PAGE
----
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Getting distribution and how that is changing

Aaron M. Renn recently published an article in The Washington Post talking about carless cities and driverless cars. It’s an interesting read, but I’m not going to talk about those topics today. So if that’s what you’re looking for, you’ll have to read his piece.

I do, however, want to focus on one particular aspect of it. 

In it, he talks about how Tesla is shifting the “locus of power in the auto industry” from Detroit to Silicon Valley and, at the same time, changing the way cars are sold. Tesla sells direct to consumers through its corporate stores, whereas franchise laws in almost every U.S. state mandate that new cars need to be sold through dealers.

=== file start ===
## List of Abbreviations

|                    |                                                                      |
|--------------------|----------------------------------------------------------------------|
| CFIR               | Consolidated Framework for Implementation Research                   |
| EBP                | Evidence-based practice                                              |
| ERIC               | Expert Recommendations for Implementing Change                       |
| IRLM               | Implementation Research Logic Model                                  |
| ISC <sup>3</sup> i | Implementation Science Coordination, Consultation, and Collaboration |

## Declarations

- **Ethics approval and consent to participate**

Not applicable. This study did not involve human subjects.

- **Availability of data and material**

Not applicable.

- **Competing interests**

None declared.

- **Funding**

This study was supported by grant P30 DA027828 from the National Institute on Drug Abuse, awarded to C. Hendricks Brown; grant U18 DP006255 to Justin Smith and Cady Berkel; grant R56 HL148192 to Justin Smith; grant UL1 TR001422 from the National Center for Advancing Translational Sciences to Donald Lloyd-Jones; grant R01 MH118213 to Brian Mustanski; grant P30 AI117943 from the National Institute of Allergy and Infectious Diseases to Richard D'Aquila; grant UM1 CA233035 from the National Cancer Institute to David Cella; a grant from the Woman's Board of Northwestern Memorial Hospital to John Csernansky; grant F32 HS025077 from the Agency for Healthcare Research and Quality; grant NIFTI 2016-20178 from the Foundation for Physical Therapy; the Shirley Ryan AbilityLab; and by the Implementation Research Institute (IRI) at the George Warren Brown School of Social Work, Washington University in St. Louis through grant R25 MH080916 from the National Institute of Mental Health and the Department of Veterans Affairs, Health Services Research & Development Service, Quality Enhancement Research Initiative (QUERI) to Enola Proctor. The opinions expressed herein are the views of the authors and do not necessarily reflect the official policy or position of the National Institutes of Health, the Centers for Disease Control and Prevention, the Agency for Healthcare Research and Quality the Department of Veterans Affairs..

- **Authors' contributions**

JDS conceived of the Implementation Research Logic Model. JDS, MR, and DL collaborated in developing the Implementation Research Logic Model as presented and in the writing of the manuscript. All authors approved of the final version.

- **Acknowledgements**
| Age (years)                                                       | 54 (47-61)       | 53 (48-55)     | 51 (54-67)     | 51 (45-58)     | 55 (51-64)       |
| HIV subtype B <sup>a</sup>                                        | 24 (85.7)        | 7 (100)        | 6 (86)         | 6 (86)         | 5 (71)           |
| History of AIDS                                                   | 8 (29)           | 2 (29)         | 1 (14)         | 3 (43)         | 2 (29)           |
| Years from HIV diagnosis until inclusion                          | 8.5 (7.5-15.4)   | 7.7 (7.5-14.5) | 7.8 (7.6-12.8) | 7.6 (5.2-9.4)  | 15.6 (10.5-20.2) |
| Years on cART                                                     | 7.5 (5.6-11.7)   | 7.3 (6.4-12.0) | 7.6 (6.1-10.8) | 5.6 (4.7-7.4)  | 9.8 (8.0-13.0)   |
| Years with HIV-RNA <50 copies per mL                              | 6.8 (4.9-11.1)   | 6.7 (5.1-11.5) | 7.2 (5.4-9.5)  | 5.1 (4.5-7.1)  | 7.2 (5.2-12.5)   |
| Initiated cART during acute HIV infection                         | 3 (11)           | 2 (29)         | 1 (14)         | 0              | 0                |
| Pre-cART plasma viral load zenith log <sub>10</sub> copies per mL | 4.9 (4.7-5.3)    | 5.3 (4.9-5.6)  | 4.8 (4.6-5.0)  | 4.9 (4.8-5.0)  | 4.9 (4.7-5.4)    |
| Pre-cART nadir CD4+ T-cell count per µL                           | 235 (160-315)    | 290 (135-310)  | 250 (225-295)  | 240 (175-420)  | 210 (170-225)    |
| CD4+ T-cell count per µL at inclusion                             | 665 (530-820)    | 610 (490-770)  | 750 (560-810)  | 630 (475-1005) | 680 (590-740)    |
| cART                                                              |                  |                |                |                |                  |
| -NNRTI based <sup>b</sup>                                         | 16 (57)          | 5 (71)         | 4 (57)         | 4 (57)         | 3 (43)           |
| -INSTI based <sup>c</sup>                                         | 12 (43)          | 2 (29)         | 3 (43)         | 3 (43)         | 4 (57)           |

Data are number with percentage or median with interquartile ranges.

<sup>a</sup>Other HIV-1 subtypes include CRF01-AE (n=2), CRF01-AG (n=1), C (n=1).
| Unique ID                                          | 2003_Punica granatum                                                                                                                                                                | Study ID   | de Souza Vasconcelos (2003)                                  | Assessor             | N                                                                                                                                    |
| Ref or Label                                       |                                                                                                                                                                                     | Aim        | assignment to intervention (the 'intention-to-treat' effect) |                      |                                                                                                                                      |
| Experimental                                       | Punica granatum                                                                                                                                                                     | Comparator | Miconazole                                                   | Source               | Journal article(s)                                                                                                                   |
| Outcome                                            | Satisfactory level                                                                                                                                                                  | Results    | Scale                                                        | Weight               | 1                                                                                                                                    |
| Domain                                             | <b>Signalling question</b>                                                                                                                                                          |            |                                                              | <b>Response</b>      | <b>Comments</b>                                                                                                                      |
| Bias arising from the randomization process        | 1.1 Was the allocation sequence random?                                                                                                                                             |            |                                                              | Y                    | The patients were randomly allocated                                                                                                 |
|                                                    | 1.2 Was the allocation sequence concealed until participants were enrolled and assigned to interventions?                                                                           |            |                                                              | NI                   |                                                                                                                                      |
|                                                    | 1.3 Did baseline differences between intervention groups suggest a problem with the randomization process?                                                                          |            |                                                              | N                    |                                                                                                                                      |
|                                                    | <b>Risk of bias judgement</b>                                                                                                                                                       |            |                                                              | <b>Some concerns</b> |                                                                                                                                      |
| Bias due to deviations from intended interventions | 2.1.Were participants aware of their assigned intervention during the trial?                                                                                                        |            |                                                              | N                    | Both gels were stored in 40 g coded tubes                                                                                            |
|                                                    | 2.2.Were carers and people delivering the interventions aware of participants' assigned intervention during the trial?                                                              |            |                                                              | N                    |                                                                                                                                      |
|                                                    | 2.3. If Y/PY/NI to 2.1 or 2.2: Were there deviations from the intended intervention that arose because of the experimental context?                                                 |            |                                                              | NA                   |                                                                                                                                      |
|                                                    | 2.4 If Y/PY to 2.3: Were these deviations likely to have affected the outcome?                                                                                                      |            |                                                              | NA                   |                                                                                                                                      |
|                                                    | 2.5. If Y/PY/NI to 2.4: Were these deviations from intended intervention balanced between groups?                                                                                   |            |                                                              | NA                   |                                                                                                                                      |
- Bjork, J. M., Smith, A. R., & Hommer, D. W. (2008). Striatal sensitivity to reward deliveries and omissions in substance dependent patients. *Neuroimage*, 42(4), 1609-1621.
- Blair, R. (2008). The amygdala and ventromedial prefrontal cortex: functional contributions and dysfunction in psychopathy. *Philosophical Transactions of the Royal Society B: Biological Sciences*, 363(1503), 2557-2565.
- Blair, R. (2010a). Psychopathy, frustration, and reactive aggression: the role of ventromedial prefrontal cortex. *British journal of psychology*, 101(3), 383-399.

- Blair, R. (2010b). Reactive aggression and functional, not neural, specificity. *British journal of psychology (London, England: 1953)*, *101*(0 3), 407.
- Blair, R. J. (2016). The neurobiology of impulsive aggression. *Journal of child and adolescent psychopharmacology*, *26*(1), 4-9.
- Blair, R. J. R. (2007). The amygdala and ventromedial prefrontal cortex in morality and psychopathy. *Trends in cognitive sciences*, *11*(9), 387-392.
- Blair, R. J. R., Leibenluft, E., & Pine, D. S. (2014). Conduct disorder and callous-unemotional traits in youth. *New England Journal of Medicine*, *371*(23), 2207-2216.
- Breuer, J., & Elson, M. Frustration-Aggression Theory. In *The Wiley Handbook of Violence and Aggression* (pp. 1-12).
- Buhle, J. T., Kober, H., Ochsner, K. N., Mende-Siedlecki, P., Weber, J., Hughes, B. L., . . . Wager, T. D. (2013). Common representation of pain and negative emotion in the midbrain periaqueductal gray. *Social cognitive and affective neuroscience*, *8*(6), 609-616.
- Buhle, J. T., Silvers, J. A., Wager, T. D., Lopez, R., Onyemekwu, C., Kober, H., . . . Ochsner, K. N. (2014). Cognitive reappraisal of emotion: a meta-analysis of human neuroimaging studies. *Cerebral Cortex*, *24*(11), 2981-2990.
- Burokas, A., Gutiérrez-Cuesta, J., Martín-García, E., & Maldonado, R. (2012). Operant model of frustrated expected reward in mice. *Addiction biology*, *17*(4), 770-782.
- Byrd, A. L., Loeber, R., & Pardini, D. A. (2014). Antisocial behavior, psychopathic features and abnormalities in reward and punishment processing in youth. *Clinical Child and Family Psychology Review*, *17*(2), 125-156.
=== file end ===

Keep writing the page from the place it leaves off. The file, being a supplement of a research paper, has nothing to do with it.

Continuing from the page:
I’m not sure how these laws came to be, but it’s interesting to note yet another example of technology and the internet sparking disintermediation. That is, the removal of middle people, distributors, brokers, and so on. It’s the same thing that is happening as a result of companies like Uber and technologies like Bitcoin.

I would imagine that lot of these legacy distribution models exist today because it was previously the most efficient option. If you were a car company based in Detroit, a network of local franchisees all across the country working to sell your cars was probably a great thing. But now there are other options, as is the case with many other industries.

So what’s next? 

Wikipedia calls out the following industries as still being in the midst of disintermediation:

I bet you all know which one I’m watching closely.

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